• Estrogen progesterone/progestin hormone therapy (EPT): EPT is a combination therapy of estrogen and progesterone. Progesterone is available in its natural state and, as a synthetic form, progestin. EPT may be recommended if you still have your uterus.

Hormone therapies are not without risks. Your healthcare provider will evaluate your risks and benefits before starting hormone therapy [1,6,7]. Risks of hormone therapies include increased risk of endometrial cancer in women who still have a uterus, gallstones and gall bladder issues, blood clots, deep vein thrombosis, pulmonary embolism, and stroke [6].

Nonhormonal treatment options

Nonhormonal treatment is an option if hormone therapies are not ideal for you; it includes changing your diet, avoiding triggers to hot flashes, exercising, joining support groups, and using prescription medications [6]. Eating more beans, fruits, and vegetables, watching your weight, and remaining physically active are great management strategies for menopause [1,6,7].

Types of prescription medications for menopause include birth control pills and antidepressants to help manage symptoms such as mood swings and hot flashes [6]. Vaginal creams are an option for dryness. Speak with your healthcare provider to discuss your signs and symptoms, and they can help recommend other nonhormonal treatment options to manage your menopause symptoms.

What happens after menopause?

After menopause, lower estrogen levels increase the risk for several health conditions, leading to various postmenopause symptoms. Among these, the following are significant:

  • Heart Disease: Reduced estrogen can raise the risk of heart disease. Maintaining a heart-healthy lifestyle is crucial.
  • Osteoporosis:Lower bone density post-menopause makes fractures more likely. Regular exercise, calcium, and vitamin D can help.

Menopause can also affect sexual health:

  • Reduced Libido: A decline in sexual desire is common.
  • Painful Sex: Vaginal dryness can cause discomfort during sex. Lubricants and estrogen creams can help.

If you're experiencing these issues, consult a healthcare provider for advice and treatment options.

Women’s health with at-home lab tests and telehealth

If you are wondering about symptoms and menstrual changes that indicate if menopause may be near, or if you are feeling different after menopause, at-home lab tests that measure your hormone levels are available, such as a perimenopause test and a postmenopause test.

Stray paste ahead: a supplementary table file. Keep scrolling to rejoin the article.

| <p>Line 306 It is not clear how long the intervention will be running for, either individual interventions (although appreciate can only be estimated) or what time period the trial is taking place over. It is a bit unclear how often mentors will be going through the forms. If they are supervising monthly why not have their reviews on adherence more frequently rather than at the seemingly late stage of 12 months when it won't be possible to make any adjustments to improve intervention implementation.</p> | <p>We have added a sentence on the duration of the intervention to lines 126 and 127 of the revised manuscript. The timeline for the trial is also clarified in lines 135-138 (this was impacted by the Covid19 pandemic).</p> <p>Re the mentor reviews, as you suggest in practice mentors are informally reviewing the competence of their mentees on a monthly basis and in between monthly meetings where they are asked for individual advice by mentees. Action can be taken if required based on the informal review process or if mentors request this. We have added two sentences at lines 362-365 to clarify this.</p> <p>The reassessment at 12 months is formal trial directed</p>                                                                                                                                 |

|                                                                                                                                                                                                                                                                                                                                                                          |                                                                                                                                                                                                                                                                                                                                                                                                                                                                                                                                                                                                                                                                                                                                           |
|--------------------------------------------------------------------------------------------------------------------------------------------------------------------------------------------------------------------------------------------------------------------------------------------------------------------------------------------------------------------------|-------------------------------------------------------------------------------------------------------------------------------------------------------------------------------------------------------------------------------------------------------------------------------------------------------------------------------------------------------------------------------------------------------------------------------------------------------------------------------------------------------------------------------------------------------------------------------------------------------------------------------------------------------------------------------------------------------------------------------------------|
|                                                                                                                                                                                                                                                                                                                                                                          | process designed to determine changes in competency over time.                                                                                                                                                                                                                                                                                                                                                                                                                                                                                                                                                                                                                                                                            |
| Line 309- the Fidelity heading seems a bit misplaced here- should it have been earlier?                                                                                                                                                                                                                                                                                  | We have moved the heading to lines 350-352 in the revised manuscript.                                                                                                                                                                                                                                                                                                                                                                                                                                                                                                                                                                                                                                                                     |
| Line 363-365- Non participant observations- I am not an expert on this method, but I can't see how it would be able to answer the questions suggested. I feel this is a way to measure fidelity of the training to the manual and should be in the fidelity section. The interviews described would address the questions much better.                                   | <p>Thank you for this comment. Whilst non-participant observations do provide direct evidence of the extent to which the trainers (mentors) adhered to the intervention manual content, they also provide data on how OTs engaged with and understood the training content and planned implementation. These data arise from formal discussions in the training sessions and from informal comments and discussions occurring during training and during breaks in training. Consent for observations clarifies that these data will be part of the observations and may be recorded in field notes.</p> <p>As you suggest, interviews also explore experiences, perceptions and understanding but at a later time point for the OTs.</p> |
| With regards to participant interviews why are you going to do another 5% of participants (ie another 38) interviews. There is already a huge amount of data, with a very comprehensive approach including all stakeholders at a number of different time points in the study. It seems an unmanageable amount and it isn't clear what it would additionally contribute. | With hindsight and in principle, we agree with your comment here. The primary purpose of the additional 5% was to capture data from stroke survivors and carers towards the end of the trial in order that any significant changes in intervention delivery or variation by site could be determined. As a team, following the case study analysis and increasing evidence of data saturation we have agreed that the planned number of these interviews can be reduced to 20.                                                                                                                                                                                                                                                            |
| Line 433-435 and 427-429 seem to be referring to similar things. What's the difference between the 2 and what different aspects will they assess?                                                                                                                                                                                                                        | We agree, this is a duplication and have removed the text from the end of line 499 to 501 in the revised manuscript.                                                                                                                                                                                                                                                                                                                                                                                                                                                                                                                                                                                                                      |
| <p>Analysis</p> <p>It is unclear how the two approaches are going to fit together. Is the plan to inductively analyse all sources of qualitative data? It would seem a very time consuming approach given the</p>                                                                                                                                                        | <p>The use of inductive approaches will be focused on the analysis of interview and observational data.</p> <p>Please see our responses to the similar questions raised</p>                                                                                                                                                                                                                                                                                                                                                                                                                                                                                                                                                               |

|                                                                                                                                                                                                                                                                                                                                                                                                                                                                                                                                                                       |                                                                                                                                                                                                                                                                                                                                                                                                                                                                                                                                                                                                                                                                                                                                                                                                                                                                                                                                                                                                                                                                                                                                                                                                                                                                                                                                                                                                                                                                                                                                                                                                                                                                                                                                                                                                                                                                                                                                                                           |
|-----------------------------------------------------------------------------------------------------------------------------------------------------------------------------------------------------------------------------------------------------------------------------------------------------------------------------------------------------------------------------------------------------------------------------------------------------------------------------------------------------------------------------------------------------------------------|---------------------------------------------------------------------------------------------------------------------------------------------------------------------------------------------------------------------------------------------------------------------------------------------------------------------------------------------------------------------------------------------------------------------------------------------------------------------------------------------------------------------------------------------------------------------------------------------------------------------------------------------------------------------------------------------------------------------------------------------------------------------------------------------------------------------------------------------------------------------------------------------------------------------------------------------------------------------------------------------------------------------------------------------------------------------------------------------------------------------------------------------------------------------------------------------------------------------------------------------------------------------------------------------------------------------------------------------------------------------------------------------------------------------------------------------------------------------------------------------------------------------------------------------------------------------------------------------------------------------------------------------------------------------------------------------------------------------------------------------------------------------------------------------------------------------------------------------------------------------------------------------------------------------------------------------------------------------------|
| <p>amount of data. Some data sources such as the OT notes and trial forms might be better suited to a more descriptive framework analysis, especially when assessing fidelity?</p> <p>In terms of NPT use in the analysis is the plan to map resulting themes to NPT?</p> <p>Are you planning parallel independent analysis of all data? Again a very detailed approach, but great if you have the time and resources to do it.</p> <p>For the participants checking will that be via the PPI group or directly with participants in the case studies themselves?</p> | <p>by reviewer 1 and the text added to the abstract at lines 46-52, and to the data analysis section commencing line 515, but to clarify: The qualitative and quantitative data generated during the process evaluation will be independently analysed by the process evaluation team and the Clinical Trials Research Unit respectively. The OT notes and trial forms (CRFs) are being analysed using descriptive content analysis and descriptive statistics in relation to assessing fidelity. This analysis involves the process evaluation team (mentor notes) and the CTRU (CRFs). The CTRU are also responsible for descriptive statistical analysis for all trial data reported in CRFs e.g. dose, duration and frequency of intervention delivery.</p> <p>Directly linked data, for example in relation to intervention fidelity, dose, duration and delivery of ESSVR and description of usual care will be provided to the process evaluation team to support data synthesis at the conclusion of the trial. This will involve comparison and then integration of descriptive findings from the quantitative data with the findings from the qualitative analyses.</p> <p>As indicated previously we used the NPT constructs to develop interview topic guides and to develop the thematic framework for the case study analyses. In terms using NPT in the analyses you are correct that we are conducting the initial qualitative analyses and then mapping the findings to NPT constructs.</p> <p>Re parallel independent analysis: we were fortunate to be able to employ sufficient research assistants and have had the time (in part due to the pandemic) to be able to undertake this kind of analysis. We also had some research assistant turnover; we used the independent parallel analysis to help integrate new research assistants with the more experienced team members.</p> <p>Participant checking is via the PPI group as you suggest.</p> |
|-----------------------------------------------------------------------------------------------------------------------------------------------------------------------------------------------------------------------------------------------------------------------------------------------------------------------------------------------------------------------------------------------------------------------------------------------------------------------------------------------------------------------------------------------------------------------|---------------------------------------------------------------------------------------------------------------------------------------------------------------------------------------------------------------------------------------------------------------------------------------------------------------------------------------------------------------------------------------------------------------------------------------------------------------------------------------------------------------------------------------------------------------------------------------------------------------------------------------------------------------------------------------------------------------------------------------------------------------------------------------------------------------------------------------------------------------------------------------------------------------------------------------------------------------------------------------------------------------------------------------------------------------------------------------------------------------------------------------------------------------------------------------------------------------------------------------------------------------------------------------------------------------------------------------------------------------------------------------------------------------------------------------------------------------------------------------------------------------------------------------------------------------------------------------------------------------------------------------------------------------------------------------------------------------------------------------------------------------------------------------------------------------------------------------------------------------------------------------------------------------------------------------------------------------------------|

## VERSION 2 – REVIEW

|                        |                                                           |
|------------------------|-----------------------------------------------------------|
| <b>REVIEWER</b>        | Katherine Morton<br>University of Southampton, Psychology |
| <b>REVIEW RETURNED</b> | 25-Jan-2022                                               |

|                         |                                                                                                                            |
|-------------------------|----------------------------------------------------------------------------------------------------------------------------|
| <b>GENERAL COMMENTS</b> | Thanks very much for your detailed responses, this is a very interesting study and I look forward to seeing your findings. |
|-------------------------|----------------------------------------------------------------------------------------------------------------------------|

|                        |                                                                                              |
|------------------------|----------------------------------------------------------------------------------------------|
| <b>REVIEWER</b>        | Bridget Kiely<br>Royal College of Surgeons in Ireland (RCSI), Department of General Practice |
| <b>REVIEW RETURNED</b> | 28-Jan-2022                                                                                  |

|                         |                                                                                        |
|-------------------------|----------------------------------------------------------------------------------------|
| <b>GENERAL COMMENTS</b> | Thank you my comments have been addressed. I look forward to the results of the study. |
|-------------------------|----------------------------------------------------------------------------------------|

Virtual care visits for online women's health support are another option if you're experiencing symptoms of menopause. You can book an appointment with a licensed, board-certified healthcare provider who can evaluate your hot flashes, night sweats, or other menopausal symptoms and offer guidance on the next steps, which may include prescriptions, test recommendations, or lifestyle changes.

6 possible signs of menopause

How long does menopause last?

Sex after menopause: keeping the heat after the hot flashes


  1. What is menopause? how do hormones help with menopause? American Society for Reproductive Medicine. Medical citation URL. Accessed January 30, 2023.
  2. Menopause basics. Office on Women’s Health. https://www.womenshealth.gov/menopause/menopause-basics. Accessed January 30, 2023.
  3. Menopause. World Health Organization. Medical citation URL. Accessed January 30, 2023.
  4. Menopause. Mayo Clinic. Medical citation URL. Published December 17, 2022. Accessed January 30, 2023.
  5. Menopause. Office on Women’s Health. Medical citation URL. Accessed January 30, 2023.
  6. Menopause: What it is, age, stages, signs & side effects. Cleveland Clinic. Medical citation URL. Accessed January 30, 2023.
  7. Menopause symptoms and relief. Office on Women’s Health. Medical citation URL. Accessed January 30, 2023.
  8. Tepper PG, Brooks MM, Randolph JF Jr, et al. Characterizing the trajectories of vasomotor symptoms across the menopausal transition. Menopause. 2016;23(10):1067-74. doi: 10.1097/GME.0000000000000676. Medical citation URL.
  9. Avis NE, Crawford SL, Greendale G, et al. Duration of menopausal vasomotor symptoms over the menopause transition. JAMA Intern Med. 2015;175(4):531-9. doi: 10.1001/jamainternmed.2014.8063. Medical citation URL.

Sendra Yang, PharmD, MBA received her Doctor of Pharmacy and Master of Business Administration degrees from Wingate University School of Pharmacy. She is a skilled medical information professional with nearly 10 years of experience in the pharmaceutical industry, pharmacy education (including as an Assistant Clinical Professor at the Medical College of Wisconsin), and clinical practice. She has also been a medical writer and editor for consumer health and medical content. Sendra is passionate about translating complex medical concepts into simple and easy-to-understand information.